“When I was dating Amanda, I knew I had to figure something out. I always wanted to be in the military and have that experience – no one in my family ever did – so I did it. The Army Reserve kicked my ass professionally, and Amanda did on the more personal side. She taught me love – and what family could be. And that was it. I went to basic training, and I knew that when I came home I was going to marry Amanda.”

Chris learned a lot in Iraq.

“I met with a guy who had been a known insurgent, as well as informant. The 18-year-old, who perhaps ran an operation the night before targeting US Forces, recognized a new player freshly in from another part of the country. The kid looked through me, smiled, and proceeded to ask if I knew the worst thing that ever happened to Iraq. I shrugged waiting for his response. That response? “When you guys killed Saddam Hussein.”

I had to sleep on this. I understood on the surface what he was saying, but I had to get to the information before I could really let that statement make its revelations. By that evening, and subsequent evenings of constant shelling, and destruction; I came to the conclusion that he nailed it. Another moment that changed my world.”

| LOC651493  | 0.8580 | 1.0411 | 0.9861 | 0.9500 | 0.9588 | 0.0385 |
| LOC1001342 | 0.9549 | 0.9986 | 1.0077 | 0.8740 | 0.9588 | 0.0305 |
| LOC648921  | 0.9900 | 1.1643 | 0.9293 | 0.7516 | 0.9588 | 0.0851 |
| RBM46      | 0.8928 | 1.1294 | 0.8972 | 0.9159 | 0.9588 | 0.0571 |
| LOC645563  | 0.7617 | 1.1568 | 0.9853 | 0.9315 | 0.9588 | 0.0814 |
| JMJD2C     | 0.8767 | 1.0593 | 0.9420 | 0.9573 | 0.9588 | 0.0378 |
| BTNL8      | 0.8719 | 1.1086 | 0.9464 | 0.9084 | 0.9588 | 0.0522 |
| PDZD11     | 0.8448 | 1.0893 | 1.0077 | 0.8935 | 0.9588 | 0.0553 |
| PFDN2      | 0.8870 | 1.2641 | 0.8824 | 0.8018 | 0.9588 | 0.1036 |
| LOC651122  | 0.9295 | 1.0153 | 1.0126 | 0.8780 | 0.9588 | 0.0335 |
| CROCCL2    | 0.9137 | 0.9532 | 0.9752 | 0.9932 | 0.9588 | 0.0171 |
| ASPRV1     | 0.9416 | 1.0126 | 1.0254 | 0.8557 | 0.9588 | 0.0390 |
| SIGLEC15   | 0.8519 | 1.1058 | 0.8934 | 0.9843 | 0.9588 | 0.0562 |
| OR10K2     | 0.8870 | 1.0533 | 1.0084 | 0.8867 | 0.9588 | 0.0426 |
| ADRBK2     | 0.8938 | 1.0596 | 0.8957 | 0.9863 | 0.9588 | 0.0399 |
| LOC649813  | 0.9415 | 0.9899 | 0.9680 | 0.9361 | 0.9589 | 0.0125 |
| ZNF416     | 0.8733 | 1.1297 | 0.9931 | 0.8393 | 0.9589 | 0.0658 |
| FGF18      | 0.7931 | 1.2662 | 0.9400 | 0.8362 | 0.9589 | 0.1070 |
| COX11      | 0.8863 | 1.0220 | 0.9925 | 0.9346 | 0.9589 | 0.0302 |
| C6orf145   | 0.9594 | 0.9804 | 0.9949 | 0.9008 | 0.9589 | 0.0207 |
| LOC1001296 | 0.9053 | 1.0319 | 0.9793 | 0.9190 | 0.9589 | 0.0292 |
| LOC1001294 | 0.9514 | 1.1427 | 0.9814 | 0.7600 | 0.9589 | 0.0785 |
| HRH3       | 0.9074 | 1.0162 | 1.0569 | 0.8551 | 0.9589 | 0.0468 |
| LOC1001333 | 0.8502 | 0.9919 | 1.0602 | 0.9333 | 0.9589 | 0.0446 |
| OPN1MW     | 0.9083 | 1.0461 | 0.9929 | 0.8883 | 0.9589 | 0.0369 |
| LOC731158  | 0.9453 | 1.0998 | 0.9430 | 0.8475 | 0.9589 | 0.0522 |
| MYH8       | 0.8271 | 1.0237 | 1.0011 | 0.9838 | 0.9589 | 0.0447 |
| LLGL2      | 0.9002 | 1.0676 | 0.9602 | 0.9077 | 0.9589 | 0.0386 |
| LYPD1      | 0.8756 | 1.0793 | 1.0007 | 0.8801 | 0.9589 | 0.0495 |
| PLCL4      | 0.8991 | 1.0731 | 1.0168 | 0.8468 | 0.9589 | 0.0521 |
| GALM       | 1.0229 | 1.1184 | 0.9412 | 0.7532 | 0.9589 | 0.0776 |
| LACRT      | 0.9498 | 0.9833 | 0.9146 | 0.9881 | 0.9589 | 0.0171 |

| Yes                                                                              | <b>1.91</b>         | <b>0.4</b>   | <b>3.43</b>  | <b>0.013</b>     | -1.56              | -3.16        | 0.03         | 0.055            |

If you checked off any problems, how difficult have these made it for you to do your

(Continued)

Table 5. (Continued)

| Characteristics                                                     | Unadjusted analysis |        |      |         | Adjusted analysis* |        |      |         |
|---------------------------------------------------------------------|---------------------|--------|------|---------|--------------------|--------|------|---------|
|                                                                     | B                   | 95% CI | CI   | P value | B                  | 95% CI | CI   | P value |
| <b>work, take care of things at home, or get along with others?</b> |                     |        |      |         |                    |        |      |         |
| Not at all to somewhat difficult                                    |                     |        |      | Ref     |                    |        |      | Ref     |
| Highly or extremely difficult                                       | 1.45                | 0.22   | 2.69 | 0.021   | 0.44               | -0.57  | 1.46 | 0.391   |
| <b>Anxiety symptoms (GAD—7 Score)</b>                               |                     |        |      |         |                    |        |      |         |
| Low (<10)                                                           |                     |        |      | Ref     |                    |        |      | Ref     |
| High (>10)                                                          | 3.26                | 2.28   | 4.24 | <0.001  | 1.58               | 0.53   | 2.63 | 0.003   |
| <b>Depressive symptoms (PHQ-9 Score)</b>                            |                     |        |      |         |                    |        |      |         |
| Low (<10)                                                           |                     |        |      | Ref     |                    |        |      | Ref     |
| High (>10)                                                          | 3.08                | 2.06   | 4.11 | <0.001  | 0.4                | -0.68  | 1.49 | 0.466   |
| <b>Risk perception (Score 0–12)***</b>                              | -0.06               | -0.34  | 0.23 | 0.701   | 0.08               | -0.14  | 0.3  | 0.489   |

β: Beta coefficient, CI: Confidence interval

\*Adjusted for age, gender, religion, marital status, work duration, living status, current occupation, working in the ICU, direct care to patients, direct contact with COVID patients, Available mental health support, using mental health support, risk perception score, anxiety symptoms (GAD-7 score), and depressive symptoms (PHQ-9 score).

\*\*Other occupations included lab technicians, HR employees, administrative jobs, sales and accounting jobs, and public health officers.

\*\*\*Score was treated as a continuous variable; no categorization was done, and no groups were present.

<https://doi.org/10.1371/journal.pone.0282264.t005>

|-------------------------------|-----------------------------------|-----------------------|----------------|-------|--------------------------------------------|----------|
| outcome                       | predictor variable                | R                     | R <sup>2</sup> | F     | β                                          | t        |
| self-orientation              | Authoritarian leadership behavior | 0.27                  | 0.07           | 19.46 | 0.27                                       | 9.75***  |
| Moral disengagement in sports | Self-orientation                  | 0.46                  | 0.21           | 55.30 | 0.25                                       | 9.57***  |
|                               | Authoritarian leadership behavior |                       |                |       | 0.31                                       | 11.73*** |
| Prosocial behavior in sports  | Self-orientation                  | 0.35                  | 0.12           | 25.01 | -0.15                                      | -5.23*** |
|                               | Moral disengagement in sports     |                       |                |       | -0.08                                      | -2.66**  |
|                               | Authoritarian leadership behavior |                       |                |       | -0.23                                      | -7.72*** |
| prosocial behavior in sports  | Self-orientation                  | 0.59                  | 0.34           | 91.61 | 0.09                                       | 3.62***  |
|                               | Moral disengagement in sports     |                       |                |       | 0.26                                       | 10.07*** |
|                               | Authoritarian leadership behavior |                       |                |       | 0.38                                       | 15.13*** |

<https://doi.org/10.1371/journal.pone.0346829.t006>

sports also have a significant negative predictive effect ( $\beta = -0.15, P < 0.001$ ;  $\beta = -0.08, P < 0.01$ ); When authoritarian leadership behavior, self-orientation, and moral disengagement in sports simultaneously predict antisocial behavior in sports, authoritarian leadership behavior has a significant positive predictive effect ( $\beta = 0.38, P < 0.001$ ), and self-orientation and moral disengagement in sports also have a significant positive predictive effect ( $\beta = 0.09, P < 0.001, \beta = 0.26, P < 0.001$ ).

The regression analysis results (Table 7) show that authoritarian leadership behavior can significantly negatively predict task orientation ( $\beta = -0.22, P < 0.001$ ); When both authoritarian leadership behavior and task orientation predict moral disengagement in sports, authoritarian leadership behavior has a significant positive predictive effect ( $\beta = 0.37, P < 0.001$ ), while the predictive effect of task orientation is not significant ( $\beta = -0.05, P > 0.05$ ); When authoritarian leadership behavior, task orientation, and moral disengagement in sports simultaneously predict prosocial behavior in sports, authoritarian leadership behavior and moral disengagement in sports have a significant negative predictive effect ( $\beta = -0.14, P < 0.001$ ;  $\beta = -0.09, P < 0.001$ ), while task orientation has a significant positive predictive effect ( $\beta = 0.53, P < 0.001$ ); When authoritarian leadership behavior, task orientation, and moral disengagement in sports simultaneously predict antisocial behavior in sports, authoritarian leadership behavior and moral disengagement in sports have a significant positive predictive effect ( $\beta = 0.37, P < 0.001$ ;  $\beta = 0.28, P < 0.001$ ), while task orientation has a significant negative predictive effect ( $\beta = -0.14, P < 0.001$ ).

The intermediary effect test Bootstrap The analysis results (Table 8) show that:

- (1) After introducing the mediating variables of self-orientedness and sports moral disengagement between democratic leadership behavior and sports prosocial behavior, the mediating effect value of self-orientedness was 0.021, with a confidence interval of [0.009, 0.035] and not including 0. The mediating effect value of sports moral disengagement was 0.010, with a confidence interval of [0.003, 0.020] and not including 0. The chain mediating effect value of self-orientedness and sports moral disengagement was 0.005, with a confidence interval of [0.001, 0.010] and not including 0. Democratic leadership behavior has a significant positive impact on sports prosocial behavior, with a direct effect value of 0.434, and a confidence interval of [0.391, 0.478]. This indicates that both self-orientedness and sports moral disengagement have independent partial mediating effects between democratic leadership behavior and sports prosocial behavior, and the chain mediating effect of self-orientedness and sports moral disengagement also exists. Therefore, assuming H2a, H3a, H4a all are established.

He went on to tell me about the pros and cons of this great dictator. The Iraqis, he said, were mostly able to live somewhat of a normal life under Saddam’s dictatorship – they were able to go out to dinner, parties, and have a drink. They could rest at night knowing that Iran and Saudi Arabia weren’t going to invade.